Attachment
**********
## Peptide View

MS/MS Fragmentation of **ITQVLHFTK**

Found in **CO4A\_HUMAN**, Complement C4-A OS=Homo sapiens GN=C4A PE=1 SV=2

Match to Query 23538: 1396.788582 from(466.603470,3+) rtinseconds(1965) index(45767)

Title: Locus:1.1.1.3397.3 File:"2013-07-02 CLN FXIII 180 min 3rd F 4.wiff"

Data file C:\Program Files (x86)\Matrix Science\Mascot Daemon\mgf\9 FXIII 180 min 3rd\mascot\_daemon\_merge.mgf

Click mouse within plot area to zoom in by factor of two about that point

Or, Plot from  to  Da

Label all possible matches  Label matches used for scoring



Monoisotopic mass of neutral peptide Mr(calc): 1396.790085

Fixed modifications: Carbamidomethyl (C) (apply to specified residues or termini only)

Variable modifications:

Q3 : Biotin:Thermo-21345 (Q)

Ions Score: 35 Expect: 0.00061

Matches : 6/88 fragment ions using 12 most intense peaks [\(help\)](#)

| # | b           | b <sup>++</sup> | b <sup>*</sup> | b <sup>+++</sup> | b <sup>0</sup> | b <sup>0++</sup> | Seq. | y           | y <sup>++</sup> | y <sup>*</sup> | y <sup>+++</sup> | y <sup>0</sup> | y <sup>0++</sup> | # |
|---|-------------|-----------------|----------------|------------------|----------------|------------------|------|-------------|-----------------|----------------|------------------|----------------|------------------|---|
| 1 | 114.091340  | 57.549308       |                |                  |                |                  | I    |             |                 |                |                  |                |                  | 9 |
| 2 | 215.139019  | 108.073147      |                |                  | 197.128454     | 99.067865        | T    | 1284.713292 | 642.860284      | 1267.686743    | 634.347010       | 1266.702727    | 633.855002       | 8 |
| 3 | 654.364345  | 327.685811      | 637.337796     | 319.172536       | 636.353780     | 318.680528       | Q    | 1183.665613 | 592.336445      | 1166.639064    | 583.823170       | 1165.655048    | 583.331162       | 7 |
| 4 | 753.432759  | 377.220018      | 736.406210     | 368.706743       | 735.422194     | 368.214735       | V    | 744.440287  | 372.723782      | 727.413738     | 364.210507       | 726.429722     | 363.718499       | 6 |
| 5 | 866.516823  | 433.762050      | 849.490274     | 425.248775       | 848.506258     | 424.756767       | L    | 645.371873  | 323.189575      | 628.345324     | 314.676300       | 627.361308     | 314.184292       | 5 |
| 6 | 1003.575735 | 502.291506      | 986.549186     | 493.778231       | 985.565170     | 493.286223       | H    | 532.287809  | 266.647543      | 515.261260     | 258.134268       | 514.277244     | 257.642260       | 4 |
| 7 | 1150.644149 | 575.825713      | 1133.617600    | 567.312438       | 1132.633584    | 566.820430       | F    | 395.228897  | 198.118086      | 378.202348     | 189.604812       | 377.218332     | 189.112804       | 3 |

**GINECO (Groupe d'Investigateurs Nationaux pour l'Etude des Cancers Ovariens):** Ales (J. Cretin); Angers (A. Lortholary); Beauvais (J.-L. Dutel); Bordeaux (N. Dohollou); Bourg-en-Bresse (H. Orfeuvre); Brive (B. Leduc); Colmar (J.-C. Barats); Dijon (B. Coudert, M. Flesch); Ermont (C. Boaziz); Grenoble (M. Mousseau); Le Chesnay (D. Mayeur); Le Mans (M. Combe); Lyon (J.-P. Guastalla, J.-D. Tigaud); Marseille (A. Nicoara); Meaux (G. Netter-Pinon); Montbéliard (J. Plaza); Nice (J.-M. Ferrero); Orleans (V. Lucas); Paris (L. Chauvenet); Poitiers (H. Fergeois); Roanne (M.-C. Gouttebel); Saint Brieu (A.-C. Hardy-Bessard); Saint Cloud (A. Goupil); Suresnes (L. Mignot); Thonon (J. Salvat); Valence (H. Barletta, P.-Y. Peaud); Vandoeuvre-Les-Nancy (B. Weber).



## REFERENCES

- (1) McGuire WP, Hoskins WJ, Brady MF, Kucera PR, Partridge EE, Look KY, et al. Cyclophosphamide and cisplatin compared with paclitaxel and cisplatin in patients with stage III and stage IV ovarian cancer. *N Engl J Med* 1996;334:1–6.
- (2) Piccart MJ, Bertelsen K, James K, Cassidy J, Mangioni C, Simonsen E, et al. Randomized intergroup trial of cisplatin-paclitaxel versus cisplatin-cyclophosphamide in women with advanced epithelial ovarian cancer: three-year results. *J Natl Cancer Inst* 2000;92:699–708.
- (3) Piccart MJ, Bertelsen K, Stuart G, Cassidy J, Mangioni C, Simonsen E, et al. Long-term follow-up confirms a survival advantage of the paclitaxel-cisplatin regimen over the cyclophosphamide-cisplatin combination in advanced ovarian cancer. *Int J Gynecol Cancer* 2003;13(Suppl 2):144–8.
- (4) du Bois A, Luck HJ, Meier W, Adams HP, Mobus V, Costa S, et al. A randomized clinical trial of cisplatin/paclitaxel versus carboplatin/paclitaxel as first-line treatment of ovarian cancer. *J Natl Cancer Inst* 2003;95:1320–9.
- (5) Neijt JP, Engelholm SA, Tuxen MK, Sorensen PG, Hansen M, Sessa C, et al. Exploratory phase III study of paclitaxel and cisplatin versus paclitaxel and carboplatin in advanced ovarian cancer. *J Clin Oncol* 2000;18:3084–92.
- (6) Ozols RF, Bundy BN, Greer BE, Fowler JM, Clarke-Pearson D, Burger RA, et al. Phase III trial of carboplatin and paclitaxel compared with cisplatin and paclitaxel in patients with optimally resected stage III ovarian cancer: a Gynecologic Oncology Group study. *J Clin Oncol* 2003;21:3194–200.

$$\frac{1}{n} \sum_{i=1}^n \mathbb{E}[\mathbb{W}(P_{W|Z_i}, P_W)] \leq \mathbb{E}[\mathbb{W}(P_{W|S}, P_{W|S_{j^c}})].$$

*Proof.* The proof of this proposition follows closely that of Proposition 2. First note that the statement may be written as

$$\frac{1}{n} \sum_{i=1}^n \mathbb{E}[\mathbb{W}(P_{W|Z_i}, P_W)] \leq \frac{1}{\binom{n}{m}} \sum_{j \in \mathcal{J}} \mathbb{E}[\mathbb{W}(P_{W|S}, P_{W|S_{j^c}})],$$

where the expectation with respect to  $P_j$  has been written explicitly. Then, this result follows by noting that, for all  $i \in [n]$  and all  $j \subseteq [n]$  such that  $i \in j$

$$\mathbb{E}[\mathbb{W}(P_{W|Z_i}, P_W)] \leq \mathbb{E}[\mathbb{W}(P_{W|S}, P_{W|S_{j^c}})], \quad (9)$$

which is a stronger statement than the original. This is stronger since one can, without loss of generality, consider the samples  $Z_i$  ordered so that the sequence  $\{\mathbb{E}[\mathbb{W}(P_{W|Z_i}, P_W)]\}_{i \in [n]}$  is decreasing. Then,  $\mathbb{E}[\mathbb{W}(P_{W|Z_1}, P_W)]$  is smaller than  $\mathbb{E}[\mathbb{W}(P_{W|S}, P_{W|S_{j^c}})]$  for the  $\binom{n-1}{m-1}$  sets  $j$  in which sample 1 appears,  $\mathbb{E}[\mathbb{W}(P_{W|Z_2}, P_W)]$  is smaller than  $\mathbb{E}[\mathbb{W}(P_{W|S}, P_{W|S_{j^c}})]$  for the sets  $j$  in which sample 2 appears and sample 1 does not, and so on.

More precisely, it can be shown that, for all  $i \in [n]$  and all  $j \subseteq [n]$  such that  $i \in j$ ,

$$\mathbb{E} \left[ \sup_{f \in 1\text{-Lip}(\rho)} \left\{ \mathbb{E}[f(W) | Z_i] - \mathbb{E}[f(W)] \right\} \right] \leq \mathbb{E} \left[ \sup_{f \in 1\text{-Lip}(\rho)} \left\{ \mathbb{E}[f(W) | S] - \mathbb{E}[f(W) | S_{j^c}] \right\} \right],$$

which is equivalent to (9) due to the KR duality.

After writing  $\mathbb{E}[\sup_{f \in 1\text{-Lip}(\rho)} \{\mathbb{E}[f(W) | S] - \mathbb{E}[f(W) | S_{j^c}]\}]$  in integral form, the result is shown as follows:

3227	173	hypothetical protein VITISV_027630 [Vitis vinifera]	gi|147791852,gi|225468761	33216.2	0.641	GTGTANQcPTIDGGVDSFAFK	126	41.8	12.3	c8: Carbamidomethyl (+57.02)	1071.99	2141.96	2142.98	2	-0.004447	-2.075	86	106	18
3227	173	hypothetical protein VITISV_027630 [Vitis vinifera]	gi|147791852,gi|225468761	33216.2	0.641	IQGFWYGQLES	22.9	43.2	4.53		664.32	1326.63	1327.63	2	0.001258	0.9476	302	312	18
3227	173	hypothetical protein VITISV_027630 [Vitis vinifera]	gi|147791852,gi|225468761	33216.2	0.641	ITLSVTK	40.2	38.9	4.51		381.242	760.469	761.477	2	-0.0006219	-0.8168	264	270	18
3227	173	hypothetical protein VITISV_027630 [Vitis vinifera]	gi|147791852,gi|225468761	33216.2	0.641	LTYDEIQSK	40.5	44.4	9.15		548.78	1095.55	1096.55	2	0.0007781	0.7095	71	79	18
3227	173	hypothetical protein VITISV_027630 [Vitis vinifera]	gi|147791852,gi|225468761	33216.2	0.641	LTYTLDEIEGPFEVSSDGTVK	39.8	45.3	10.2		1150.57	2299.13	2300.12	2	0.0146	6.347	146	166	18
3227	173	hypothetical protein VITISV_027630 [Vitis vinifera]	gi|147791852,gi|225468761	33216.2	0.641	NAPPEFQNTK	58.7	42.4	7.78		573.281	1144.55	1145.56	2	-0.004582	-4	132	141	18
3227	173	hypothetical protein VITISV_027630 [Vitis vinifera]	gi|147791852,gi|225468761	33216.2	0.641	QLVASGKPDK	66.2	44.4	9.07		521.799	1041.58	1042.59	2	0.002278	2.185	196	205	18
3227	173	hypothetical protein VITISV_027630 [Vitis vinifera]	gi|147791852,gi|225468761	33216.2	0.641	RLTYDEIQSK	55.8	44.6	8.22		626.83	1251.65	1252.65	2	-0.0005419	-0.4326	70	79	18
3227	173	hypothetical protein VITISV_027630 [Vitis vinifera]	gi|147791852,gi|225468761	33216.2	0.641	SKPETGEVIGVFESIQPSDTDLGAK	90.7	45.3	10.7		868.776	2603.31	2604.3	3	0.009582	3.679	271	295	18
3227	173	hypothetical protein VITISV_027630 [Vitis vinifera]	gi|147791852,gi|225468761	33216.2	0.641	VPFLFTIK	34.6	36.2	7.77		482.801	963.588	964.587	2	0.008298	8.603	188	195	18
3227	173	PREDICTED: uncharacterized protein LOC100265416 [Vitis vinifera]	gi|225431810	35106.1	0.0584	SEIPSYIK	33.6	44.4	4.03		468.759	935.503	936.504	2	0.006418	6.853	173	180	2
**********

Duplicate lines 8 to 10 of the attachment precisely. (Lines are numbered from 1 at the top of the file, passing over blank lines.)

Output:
Or, Plot from  to  Da

Label all possible matches  Label matches used for scoring



Monoisotopic mass of neutral peptide Mr(calc): 1396.790085